Mission & Name
US Foreign Policy (Dr. El-Najjar's Articles)
Kurdish-Run Enclaves in Syria:
Arrests, Unfair Trials, Use of Child Soldiers, a HRW Report
Al-Jazeerah, CCUN, June 19, 2014
Kurdish authorities running three enclaves in northern
Syria have committed arbitrary arrests, due process violations, and
failed to address unsolved killings and disappearances, Human Rights Watch
said in a report released today.
The Democratic Union Party (PYD), an
offshoot of the Kurdistan Workers’ Party (PKK) in Turkey, has effectively
ruled the three predominantly-Kurdish enclaves since Syrian government
forces withdrew from the areas in 2012, running a local administration with
courts, prisons, and police.
The 107-page report,
“Under Kurdish Rule: Abuses in PYD-Run Enclaves of Syria,” documents
arbitrary arrests of the PYD’s political opponents, abuse in detention, and
unsolved abductions and murders. It also documents the use of children in
the PYD’s police force and armed wing, the People’s Protection Units (YPG).
“The Kurdish-run areas of Syria are quieter than war-torn parts of the
country, but serious abuses are still taking place,” said
Nadim Houry, deputy Middle East and North Africa director at Human
Rights Watch. “The PYD is firmly in charge, and can halt the abuse.”
In January 2014, the PYD and allied parties established a transitional
administration in the three northern regions: `Afrin (Êfrîn in Kurdish), Ain
al-`Arab (Kobani), and Jazira (Cezire). They have formed councils akin to
ministries and introduced a new constitutional law.
The PYD allowed
Human Rights Watch to visit the three areas they control, but because of
security concerns only a visit to Jazira was possible. There Human Rights
Watch visited two prisons in February 2014 and had unrestricted access to
officials, prisoners, and others.
Human Rights Watch documented
several cases in which the PYD-run police, known as the Asayish, appear to
have arrested members of Kurdish opposition parties due to their political
activity. In some cases, Kurdish opposition members have been convicted in
apparently unfair trials, usually for alleged involvement in a bomb attack.
People detained for common crimes said they had been arrested without a
warrant, were denied access to a lawyer and were held for long periods in
detention before seeing a judge.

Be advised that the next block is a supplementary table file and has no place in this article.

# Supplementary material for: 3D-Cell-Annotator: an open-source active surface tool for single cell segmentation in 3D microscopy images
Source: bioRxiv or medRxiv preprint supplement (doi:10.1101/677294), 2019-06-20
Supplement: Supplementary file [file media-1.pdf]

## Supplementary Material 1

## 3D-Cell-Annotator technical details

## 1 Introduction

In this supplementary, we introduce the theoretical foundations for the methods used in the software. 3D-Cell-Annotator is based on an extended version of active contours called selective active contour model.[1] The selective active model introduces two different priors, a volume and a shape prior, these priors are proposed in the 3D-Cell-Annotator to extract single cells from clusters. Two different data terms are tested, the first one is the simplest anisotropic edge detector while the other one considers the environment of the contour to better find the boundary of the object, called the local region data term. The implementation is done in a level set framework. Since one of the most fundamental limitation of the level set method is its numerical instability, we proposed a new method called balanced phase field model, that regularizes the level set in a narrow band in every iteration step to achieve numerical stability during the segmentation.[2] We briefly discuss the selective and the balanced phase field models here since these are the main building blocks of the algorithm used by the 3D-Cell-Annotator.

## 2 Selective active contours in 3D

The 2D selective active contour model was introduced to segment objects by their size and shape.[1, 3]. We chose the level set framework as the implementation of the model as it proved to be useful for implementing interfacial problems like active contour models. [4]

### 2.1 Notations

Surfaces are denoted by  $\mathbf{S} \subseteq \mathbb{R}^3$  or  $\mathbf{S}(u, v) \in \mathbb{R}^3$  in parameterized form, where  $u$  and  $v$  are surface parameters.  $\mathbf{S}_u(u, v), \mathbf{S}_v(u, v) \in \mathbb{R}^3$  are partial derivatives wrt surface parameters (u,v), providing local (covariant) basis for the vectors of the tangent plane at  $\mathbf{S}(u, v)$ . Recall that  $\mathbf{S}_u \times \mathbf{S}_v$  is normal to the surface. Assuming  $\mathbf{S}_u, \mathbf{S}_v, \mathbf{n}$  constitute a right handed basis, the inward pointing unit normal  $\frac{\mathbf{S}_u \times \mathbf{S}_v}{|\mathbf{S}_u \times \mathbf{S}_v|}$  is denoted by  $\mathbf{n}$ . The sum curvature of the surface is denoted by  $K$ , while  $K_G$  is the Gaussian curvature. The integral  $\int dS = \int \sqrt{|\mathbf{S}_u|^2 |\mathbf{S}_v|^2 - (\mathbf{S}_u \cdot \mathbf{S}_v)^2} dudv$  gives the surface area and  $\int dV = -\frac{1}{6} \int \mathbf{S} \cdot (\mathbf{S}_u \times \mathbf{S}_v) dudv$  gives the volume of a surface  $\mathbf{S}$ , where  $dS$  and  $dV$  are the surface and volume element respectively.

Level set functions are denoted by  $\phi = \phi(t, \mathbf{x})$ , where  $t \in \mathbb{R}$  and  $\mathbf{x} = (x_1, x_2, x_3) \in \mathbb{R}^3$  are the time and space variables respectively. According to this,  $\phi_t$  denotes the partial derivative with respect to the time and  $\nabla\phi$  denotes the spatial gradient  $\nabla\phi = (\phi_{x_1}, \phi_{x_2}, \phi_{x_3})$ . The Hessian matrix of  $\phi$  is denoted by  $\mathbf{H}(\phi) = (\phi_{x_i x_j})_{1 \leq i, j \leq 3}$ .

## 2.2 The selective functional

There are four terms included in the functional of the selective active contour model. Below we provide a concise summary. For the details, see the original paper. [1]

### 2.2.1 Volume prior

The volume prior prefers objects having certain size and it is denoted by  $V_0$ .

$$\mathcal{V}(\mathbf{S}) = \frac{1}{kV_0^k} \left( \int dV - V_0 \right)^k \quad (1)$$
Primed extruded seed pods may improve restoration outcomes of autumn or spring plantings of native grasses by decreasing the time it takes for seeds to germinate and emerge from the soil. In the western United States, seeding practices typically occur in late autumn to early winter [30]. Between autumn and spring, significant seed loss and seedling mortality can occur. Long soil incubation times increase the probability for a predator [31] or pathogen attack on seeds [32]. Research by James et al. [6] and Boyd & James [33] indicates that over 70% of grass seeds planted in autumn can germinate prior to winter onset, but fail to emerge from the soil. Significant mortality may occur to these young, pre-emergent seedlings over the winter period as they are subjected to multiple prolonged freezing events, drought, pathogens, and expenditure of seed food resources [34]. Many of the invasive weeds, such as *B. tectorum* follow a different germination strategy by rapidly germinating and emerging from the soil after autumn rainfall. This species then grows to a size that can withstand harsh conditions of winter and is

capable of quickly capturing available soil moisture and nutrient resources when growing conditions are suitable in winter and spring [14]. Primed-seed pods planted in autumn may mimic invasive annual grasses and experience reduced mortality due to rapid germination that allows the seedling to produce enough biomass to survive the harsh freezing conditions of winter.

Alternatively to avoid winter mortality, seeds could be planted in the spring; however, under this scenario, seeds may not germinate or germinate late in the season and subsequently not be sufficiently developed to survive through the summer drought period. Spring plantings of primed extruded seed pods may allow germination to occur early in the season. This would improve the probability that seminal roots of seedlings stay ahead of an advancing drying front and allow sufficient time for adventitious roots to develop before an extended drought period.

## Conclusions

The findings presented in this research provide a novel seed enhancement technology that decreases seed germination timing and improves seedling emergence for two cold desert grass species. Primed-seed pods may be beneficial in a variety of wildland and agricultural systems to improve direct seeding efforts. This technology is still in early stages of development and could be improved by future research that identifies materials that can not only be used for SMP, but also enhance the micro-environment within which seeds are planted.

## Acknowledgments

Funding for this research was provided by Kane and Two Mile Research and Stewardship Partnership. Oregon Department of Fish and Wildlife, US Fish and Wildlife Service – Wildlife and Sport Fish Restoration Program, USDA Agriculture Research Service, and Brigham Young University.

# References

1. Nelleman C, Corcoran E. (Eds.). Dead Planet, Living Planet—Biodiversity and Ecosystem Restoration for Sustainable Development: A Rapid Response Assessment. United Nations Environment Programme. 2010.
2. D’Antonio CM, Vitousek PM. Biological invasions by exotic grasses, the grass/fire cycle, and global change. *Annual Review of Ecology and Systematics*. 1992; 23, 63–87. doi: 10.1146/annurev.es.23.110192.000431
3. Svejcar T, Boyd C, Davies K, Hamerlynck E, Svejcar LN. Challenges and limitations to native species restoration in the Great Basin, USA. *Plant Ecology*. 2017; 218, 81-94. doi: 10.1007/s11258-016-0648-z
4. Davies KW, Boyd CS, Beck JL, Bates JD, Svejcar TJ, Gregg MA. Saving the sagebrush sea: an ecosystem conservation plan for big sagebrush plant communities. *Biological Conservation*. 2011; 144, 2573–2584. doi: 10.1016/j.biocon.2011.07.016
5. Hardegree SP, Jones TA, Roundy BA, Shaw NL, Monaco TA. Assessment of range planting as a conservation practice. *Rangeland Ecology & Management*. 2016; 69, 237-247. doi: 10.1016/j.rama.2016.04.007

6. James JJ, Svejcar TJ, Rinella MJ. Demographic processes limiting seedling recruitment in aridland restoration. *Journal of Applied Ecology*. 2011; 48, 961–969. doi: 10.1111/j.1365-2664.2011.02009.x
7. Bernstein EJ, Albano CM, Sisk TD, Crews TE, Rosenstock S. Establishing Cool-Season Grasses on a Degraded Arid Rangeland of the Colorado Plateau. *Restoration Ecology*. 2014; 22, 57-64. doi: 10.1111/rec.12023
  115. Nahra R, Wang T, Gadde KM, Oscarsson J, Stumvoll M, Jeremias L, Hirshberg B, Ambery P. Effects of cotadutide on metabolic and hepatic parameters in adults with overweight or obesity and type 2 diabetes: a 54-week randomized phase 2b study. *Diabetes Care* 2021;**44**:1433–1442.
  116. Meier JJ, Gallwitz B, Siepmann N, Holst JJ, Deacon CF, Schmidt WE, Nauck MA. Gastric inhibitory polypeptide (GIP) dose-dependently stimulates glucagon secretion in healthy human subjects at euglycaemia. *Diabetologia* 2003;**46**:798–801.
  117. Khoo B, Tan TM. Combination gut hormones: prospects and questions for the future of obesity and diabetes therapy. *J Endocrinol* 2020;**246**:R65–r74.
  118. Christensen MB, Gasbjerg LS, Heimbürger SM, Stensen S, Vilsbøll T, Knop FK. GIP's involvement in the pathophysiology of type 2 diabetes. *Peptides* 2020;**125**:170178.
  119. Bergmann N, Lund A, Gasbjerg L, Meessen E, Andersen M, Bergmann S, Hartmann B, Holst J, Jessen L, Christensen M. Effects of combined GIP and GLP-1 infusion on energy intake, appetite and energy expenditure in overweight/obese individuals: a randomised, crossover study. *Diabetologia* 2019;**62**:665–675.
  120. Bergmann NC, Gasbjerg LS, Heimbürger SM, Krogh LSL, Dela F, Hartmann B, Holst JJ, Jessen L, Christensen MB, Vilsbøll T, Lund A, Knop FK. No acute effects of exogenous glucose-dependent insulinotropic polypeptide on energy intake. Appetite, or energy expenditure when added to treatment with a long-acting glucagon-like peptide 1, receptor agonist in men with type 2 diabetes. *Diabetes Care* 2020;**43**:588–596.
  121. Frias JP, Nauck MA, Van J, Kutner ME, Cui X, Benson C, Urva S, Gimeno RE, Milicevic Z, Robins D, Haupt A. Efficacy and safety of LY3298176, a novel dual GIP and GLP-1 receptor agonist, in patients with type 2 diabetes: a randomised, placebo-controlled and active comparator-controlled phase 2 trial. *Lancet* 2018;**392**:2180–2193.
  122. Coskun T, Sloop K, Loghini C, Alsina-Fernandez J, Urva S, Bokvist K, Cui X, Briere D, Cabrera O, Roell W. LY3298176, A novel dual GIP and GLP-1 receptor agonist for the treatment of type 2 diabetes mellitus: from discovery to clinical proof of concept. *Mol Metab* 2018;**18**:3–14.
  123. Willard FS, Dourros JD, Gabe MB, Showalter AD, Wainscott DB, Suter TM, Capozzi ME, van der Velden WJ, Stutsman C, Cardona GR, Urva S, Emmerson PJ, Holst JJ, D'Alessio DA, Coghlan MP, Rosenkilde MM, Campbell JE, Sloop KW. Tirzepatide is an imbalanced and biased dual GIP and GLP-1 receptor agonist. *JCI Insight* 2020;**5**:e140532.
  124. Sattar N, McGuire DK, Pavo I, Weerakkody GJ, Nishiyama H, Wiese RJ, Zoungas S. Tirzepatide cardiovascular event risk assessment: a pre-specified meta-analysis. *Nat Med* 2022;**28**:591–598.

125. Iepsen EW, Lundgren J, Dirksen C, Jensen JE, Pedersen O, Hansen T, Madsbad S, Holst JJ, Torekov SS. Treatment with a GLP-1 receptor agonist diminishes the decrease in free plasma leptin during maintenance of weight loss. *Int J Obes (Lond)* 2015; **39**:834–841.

At least nine political opponents of
the PYD have been killed or disappeared over the past two and half years in
areas the party partially or fully controlled. The PYD has denied
responsibility for these incidents but has apparently failed to conduct
genuine investigations. By contrast, the party-run security forces have
carried out rapid mass arrests after most bomb attacks, presumably carried
out by extremist Islamist militant groups.
The YPG maintains external
security in the three PYD-run areas, and is fighting Islamist non-state
armed groups, primarily Jabhat al-Nusra and the Islamic State of Iraq and
the Sham (ISIS).
On May 29, ISIS forces entered the village of al-Taliliya
near Ras al ‘Ayn in Jazira and
executed at least 15 civilians, including six children, village
residents and first responders told Human Rights Watch. In recent months,
ISIS has also reportedly abducted hundreds of Kurdish civilians in Aleppo
province and executed several Kurdish civilians they suspected of belonging
to the YPG.
The PYD and local administration officials say that the
local judiciary and newly established “People’s Courts” are independent, but
lawyers and human rights activists described political interference in
investigations and trials. In some cases, judges have apparently convicted
people based only on their confessions, and disregarded complaints of abuse
Some detainees told Human Rights Watch that the
security forces had beaten them in custody and were never held to account.
In two recent cases involving the Asayish, the beatings victims died. In one